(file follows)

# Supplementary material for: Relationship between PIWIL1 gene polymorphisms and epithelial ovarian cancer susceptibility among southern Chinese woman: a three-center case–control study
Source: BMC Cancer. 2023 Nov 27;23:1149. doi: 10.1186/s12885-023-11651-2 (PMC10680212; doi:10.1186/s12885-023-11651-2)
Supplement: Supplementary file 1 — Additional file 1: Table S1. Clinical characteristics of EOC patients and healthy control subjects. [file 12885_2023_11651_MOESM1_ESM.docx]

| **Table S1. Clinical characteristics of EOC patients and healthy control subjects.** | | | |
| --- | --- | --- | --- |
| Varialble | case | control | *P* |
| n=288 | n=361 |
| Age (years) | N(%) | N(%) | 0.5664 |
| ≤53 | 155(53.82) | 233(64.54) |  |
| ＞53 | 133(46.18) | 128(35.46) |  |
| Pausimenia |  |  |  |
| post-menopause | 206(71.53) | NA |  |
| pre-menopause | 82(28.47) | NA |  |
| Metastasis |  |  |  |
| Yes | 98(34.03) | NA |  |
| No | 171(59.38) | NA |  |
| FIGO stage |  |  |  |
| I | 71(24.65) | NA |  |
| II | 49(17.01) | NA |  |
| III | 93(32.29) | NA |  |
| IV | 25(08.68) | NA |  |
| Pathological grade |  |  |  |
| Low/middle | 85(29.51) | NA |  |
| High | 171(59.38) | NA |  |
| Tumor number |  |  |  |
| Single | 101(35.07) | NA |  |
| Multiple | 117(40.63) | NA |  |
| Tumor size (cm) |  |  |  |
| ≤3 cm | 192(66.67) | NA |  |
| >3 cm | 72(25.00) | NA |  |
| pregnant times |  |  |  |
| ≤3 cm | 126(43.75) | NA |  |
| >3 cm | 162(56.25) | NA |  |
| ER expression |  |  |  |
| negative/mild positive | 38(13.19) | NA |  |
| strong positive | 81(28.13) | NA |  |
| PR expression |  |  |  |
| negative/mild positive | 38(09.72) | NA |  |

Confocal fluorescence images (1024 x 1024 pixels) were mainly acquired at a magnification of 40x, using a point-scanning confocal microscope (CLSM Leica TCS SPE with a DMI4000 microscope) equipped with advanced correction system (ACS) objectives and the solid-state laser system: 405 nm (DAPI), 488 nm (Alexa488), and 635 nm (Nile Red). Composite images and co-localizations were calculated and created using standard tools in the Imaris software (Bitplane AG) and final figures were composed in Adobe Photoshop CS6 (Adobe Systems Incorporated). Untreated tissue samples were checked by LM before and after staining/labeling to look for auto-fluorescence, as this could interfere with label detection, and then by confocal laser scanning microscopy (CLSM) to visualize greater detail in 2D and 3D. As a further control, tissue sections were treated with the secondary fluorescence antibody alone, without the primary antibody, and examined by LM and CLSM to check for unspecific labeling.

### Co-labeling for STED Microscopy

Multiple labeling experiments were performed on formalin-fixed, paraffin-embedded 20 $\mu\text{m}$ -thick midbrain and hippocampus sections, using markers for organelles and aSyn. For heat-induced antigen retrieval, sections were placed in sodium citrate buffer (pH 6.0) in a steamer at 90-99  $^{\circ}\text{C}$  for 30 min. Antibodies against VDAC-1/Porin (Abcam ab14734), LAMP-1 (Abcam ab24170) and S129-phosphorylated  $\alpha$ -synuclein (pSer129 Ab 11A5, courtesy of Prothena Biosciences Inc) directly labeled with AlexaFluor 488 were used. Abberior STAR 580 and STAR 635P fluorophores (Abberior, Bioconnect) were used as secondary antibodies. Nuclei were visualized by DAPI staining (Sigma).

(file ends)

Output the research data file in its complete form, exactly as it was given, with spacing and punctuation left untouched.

# Supplementary material for: Relationship between PIWIL1 gene polymorphisms and epithelial ovarian cancer susceptibility among southern Chinese woman: a three-center case–control study
Source: BMC Cancer. 2023 Nov 27;23:1149. doi: 10.1186/s12885-023-11651-2 (PMC10680212; doi:10.1186/s12885-023-11651-2)
Supplement: Supplementary file 1 — Additional file 1: Table S1. Clinical characteristics of EOC patients and healthy control subjects. [file 12885_2023_11651_MOESM1_ESM.docx]

| **Table S1. Clinical characteristics of EOC patients and healthy control subjects.** | | | |
| --- | --- | --- | --- |
| Varialble | case | control | *P* |
| n=288 | n=361 |
| Age (years) | N(%) | N(%) | 0.5664 |
| ≤53 | 155(53.82) | 233(64.54) |  |
| ＞53 | 133(46.18) | 128(35.46) |  |
| Pausimenia |  |  |  |
| post-menopause | 206(71.53) | NA |  |
| pre-menopause | 82(28.47) | NA |  |
| Metastasis |  |  |  |
| Yes | 98(34.03) | NA |  |
| No | 171(59.38) | NA |  |
| FIGO stage |  |  |  |
| I | 71(24.65) | NA |  |
| II | 49(17.01) | NA |  |
| III | 93(32.29) | NA |  |
| IV | 25(08.68) | NA |  |
| Pathological grade |  |  |  |
| Low/middle | 85(29.51) | NA |  |
| High | 171(59.38) | NA |  |
| Tumor number |  |  |  |
| Single | 101(35.07) | NA |  |
| Multiple | 117(40.63) | NA |  |
| Tumor size (cm) |  |  |  |
| ≤3 cm | 192(66.67) | NA |  |
| >3 cm | 72(25.00) | NA |  |
| pregnant times |  |  |  |
| ≤3 cm | 126(43.75) | NA |  |
| >3 cm | 162(56.25) | NA |  |
| ER expression |  |  |  |
| negative/mild positive | 38(13.19) | NA |  |
| strong positive | 81(28.13) | NA |  |
| PR expression |  |  |  |
| negative/mild positive | 38(09.72) | NA |  |

Confocal fluorescence images (1024 x 1024 pixels) were mainly acquired at a magnification of 40x, using a point-scanning confocal microscope (CLSM Leica TCS SPE with a DMI4000 microscope) equipped with advanced correction system (ACS) objectives and the solid-state laser system: 405 nm (DAPI), 488 nm (Alexa488), and 635 nm (Nile Red). Composite images and co-localizations were calculated and created using standard tools in the Imaris software (Bitplane AG) and final figures were composed in Adobe Photoshop CS6 (Adobe Systems Incorporated). Untreated tissue samples were checked by LM before and after staining/labeling to look for auto-fluorescence, as this could interfere with label detection, and then by confocal laser scanning microscopy (CLSM) to visualize greater detail in 2D and 3D. As a further control, tissue sections were treated with the secondary fluorescence antibody alone, without the primary antibody, and examined by LM and CLSM to check for unspecific labeling.

### Co-labeling for STED Microscopy

Multiple labeling experiments were performed on formalin-fixed, paraffin-embedded 20 $\mu\text{m}$ -thick midbrain and hippocampus sections, using markers for organelles and aSyn. For heat-induced antigen retrieval, sections were placed in sodium citrate buffer (pH 6.0) in a steamer at 90-99  $^{\circ}\text{C}$  for 30 min. Antibodies against VDAC-1/Porin (Abcam ab14734), LAMP-1 (Abcam ab24170) and S129-phosphorylated  $\alpha$ -synuclein (pSer129 Ab 11A5, courtesy of Prothena Biosciences Inc) directly labeled with AlexaFluor 488 were used. Abberior STAR 580 and STAR 635P fluorophores (Abberior, Bioconnect) were used as secondary antibodies. Nuclei were visualized by DAPI staining (Sigma).